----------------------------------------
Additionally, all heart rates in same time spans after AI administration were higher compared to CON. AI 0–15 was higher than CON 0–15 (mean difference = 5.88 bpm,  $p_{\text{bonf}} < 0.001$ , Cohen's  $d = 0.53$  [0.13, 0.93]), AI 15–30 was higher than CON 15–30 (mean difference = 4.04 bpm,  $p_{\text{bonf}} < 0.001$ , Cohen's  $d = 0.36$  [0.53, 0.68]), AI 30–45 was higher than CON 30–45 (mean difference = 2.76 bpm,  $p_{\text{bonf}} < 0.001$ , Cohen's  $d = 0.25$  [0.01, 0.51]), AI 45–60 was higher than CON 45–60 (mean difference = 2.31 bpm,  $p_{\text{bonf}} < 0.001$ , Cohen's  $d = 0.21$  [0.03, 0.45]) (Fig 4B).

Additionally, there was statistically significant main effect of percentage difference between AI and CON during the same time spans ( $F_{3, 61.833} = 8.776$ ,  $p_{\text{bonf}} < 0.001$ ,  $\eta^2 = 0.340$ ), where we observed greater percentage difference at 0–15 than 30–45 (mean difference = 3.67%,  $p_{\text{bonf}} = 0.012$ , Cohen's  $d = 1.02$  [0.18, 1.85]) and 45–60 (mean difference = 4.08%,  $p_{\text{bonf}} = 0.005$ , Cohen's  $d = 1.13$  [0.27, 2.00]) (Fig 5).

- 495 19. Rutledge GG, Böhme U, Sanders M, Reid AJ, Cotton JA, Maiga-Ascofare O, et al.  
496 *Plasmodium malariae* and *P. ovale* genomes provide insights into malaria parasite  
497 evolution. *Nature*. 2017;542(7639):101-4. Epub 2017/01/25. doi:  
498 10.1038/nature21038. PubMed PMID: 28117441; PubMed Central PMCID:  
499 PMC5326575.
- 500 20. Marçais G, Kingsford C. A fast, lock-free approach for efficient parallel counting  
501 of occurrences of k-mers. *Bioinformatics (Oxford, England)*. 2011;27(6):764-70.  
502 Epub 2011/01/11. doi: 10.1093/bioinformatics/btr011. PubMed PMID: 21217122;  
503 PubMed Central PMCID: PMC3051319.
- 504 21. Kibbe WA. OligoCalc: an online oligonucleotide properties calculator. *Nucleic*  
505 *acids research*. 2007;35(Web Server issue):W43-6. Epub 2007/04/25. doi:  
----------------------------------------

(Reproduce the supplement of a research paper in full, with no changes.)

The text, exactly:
Additionally, all heart rates in same time spans after AI administration were higher compared to CON. AI 0–15 was higher than CON 0–15 (mean difference = 5.88 bpm,  $p_{\text{bonf}} < 0.001$ , Cohen's  $d = 0.53$  [0.13, 0.93]), AI 15–30 was higher than CON 15–30 (mean difference = 4.04 bpm,  $p_{\text{bonf}} < 0.001$ , Cohen's  $d = 0.36$  [0.53, 0.68]), AI 30–45 was higher than CON 30–45 (mean difference = 2.76 bpm,  $p_{\text{bonf}} < 0.001$ , Cohen's  $d = 0.25$  [0.01, 0.51]), AI 45–60 was higher than CON 45–60 (mean difference = 2.31 bpm,  $p_{\text{bonf}} < 0.001$ , Cohen's  $d = 0.21$  [0.03, 0.45]) (Fig 4B).

Additionally, there was statistically significant main effect of percentage difference between AI and CON during the same time spans ( $F_{3, 61.833} = 8.776$ ,  $p_{\text{bonf}} < 0.001$ ,  $\eta^2 = 0.340$ ), where we observed greater percentage difference at 0–15 than 30–45 (mean difference = 3.67%,  $p_{\text{bonf}} = 0.012$ , Cohen's  $d = 1.02$  [0.18, 1.85]) and 45–60 (mean difference = 4.08%,  $p_{\text{bonf}} = 0.005$ , Cohen's  $d = 1.13$  [0.27, 2.00]) (Fig 5).

- 495 19. Rutledge GG, Böhme U, Sanders M, Reid AJ, Cotton JA, Maiga-Ascofare O, et al.  
496 *Plasmodium malariae* and *P. ovale* genomes provide insights into malaria parasite  
497 evolution. *Nature*. 2017;542(7639):101-4. Epub 2017/01/25. doi:  
498 10.1038/nature21038. PubMed PMID: 28117441; PubMed Central PMCID:  
499 PMC5326575.
- 500 20. Marçais G, Kingsford C. A fast, lock-free approach for efficient parallel counting  
501 of occurrences of k-mers. *Bioinformatics (Oxford, England)*. 2011;27(6):764-70.  
502 Epub 2011/01/11. doi: 10.1093/bioinformatics/btr011. PubMed PMID: 21217122;  
503 PubMed Central PMCID: PMC3051319.
- 504 21. Kibbe WA. OligoCalc: an online oligonucleotide properties calculator. *Nucleic*  
505 *acids research*. 2007;35(Web Server issue):W43-6. Epub 2007/04/25. doi:  